This Independence Day, India also celebrates another important milestone. The Postal Identification Number (PIN), which is used to send letters, couriers and other postal items across the country, has turned 50 today. It was introduced on August 15, 1972. PINs are six digit codes used by the postal service in India as a numbering system. They are also known as area codes or zip codes. The postal identification number makes it easier for the postman to locate and deliver a letter or package to the intended recipient.
The pin code system was introduced in the country by Shriram Bhikaji Velankar, who served as an additional secretary in the Union Ministry of Communications and was a senior member of the Post and Telegraph Council.
Mr. Velankar died in Mumbai in 1999, three years after he received the President’s Award for his contribution to the Sanskrit language. He was a Sanskrit poet of eminence.
The need for a pin code was felt due to the duplicate names of various places in India. People also wrote addresses in different languages, which made it very difficult to trace addresses. A code system helped the postmen deliver the address to the right people.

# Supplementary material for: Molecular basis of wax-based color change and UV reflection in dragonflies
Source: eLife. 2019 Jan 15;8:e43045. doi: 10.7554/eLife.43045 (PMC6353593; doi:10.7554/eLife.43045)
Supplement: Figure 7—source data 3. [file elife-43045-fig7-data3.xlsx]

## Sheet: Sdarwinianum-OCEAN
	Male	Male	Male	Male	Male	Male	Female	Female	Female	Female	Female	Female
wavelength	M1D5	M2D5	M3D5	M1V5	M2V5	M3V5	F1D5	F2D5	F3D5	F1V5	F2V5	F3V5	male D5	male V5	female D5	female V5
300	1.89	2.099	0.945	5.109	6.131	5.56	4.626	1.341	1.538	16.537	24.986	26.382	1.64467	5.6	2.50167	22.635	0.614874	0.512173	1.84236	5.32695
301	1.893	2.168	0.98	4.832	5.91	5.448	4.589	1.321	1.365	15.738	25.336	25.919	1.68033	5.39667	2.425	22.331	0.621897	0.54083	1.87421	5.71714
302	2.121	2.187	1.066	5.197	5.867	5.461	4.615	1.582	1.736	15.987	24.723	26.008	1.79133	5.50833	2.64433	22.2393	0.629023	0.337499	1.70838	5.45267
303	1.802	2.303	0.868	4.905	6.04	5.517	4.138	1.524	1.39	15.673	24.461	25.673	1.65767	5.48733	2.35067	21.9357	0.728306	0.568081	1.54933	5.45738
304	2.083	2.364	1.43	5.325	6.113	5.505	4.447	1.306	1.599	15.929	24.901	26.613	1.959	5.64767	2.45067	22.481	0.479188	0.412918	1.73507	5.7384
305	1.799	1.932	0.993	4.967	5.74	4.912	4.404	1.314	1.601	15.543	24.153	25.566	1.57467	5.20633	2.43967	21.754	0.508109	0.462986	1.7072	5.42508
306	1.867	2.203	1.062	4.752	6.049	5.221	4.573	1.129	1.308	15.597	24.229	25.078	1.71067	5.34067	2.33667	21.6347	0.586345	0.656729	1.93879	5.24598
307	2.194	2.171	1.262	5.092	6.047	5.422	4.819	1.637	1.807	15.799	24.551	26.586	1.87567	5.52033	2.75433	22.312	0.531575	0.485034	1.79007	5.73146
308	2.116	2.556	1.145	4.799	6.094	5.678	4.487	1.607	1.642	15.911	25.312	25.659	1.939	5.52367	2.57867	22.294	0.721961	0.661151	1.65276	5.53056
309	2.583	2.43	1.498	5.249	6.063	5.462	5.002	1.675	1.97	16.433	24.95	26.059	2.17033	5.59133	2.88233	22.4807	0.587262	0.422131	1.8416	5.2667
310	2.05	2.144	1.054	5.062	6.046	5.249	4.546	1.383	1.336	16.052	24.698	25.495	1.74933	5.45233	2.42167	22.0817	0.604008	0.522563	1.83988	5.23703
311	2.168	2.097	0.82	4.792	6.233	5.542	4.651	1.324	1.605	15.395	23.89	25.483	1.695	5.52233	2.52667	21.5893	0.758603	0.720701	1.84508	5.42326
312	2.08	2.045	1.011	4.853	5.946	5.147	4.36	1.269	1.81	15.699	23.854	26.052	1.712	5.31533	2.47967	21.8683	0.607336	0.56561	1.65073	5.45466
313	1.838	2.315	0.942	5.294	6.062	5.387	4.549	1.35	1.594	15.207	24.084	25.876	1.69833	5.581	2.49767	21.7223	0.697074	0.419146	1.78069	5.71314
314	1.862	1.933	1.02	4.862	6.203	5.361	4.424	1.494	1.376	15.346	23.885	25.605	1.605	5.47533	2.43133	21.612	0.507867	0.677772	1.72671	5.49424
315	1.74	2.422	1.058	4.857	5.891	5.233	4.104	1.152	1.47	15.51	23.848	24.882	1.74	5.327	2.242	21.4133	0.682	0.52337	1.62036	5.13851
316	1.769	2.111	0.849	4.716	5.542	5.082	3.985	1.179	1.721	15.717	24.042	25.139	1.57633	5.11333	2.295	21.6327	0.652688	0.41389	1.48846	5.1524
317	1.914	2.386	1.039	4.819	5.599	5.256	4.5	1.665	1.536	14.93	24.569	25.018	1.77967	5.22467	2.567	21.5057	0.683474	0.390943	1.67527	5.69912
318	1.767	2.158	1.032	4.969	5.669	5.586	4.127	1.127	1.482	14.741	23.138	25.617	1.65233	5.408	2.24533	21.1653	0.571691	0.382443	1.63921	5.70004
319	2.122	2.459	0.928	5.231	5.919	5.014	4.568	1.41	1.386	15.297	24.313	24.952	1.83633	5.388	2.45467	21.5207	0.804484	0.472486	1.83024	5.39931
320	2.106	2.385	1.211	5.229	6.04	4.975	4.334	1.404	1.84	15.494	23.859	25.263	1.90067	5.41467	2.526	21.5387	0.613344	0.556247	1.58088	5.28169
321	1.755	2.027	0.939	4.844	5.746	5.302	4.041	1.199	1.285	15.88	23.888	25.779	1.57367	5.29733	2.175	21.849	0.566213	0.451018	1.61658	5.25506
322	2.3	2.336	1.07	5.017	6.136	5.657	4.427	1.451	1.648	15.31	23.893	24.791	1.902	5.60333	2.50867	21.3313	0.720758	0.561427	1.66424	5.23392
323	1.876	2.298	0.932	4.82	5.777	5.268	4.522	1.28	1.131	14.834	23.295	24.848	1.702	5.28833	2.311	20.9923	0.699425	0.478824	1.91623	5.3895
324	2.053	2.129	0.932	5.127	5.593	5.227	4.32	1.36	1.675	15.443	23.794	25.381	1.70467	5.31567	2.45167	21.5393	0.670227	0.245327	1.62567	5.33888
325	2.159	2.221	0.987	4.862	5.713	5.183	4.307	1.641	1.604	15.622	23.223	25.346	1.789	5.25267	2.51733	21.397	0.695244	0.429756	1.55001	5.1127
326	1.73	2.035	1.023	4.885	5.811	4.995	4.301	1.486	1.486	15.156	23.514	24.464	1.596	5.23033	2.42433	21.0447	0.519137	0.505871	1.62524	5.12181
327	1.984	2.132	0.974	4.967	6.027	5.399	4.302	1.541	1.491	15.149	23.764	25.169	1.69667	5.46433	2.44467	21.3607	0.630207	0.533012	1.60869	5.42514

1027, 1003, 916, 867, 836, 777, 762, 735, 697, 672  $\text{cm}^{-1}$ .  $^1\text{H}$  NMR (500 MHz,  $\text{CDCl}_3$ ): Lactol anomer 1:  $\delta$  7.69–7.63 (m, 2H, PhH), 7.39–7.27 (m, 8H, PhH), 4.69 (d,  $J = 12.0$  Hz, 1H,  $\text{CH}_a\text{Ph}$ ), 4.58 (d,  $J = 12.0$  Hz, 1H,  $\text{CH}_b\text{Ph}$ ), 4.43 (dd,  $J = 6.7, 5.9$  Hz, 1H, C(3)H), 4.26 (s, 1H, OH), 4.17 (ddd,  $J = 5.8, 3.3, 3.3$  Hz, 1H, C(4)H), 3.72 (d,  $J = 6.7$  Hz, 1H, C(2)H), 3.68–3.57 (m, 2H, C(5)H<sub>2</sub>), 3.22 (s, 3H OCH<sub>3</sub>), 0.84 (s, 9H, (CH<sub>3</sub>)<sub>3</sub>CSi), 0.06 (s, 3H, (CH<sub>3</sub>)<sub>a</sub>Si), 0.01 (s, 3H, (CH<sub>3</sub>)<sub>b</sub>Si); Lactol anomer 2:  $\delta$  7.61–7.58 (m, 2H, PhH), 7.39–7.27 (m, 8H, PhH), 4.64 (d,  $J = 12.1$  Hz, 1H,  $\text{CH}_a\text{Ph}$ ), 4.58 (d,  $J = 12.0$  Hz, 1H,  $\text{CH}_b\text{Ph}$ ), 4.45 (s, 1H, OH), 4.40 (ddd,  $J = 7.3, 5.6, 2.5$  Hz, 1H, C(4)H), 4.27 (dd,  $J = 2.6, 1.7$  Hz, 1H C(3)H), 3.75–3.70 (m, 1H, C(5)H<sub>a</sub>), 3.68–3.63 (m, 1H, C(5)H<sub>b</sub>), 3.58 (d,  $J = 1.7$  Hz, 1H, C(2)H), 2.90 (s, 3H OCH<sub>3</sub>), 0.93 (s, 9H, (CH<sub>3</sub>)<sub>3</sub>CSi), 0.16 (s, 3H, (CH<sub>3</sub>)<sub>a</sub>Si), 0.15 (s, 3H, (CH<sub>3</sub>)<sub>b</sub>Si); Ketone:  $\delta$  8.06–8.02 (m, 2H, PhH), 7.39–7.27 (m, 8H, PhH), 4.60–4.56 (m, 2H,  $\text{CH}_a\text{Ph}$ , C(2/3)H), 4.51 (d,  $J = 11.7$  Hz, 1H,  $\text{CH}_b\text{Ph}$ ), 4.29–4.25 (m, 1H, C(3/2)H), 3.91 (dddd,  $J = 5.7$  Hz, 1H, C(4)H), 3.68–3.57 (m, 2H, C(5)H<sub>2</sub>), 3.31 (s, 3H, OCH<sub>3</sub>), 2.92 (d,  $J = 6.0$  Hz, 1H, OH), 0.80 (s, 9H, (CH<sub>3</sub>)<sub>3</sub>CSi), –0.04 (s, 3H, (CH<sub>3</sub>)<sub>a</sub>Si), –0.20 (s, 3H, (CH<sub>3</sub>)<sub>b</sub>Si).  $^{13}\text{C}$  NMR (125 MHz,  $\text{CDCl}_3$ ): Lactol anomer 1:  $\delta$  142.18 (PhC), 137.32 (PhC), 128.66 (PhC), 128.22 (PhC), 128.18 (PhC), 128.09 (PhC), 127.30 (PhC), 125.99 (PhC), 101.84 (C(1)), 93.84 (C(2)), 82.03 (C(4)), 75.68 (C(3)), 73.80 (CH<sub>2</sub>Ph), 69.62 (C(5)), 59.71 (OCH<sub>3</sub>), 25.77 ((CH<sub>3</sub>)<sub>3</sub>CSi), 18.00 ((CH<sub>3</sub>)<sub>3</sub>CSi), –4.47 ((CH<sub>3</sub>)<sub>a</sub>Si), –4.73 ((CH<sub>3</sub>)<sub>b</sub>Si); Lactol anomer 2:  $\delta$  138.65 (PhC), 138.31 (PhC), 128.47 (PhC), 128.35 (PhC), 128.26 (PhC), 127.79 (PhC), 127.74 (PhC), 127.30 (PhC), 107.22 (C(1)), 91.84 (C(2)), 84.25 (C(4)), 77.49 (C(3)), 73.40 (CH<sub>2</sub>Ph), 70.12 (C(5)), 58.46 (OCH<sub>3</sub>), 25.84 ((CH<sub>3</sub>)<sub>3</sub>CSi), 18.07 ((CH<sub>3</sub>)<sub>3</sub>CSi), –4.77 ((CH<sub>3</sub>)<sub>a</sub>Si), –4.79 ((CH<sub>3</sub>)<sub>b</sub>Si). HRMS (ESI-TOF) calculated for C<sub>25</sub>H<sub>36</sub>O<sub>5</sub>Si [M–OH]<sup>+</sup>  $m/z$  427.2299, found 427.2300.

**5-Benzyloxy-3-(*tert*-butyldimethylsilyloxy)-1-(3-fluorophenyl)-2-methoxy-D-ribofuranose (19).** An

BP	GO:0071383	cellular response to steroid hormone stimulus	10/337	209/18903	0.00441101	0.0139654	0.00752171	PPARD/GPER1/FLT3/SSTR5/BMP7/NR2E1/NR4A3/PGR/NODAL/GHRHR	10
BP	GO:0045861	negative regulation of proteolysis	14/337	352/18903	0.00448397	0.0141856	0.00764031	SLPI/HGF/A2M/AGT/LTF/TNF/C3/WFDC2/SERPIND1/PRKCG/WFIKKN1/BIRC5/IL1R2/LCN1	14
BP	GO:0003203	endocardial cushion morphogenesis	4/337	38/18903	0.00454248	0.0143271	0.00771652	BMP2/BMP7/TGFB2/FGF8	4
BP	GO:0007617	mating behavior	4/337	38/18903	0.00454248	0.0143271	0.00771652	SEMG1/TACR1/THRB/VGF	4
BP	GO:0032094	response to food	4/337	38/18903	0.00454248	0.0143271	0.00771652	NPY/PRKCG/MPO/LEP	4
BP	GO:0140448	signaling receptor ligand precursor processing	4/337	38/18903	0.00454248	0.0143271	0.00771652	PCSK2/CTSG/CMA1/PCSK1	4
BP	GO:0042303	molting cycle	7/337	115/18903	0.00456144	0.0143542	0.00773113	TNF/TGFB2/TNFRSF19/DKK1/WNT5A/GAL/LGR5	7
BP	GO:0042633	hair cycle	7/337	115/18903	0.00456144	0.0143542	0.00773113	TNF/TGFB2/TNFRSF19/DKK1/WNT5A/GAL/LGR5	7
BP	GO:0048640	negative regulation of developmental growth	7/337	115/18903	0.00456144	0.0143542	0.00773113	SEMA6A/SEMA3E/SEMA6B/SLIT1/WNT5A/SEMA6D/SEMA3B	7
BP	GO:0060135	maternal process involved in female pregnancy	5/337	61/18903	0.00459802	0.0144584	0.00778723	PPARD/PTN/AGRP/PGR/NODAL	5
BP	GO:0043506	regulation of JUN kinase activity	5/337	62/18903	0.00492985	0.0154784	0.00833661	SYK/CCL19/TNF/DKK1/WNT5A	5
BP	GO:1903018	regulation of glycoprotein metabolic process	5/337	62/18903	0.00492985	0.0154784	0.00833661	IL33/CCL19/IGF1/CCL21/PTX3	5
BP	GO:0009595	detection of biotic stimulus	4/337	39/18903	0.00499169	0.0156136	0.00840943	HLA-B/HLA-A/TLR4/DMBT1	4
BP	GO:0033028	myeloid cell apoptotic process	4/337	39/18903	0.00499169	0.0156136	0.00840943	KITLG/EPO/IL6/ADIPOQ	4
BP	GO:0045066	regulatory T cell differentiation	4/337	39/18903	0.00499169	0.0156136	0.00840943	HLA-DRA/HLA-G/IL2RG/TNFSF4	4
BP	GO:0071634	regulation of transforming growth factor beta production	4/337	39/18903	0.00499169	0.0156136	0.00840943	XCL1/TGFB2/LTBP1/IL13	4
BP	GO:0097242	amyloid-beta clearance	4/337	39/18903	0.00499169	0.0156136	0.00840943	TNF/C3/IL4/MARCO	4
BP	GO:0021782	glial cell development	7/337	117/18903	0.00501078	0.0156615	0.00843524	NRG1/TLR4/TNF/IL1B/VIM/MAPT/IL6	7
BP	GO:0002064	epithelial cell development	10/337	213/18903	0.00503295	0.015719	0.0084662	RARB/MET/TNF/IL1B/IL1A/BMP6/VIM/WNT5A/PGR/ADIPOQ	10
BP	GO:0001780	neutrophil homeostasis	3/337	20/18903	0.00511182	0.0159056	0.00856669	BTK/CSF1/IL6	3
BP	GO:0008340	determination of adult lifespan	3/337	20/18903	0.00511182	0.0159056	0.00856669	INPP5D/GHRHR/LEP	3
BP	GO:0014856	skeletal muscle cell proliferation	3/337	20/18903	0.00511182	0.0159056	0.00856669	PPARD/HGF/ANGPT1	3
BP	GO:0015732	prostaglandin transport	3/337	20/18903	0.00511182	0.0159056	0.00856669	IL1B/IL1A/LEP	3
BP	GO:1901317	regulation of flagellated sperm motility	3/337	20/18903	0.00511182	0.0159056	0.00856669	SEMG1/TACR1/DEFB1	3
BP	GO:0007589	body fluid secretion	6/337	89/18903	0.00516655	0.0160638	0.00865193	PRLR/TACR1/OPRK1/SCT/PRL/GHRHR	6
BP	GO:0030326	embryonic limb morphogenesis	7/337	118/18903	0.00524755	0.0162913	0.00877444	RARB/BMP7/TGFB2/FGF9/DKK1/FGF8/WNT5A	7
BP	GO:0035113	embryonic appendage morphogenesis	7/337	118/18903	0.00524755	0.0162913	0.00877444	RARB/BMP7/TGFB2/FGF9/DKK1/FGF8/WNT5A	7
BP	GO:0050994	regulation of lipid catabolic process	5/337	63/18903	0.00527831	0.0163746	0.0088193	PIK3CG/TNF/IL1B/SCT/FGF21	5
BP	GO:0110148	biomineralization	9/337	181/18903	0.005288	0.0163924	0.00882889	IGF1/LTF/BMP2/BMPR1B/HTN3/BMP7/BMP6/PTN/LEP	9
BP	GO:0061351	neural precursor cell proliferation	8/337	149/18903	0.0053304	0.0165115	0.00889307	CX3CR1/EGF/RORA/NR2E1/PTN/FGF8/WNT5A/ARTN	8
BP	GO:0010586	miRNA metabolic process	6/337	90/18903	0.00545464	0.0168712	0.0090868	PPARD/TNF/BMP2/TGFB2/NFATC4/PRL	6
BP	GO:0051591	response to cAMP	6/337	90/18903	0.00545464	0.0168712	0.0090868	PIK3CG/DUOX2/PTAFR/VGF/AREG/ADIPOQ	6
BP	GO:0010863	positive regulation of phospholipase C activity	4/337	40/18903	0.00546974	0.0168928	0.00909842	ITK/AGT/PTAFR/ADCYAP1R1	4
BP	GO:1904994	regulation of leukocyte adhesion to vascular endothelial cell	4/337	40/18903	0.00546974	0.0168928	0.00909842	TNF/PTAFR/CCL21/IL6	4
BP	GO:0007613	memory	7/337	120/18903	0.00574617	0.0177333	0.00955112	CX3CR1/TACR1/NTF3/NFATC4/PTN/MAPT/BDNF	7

The first digit of a PIN indicates the zone, the second indicates the sub-zone, and the third, along with the first two, indicates the sorting district within that zone. The last three digits are assigned to individual post offices within the sorting district.
The sorting district is basically the headquarters of the main post office of the largest city in a postal region and is called the sorting office.
According to India Post, the entire country is divided into 23 postal circuits for providing postal services. Each of these circles is headed by a Chief Postmaster General.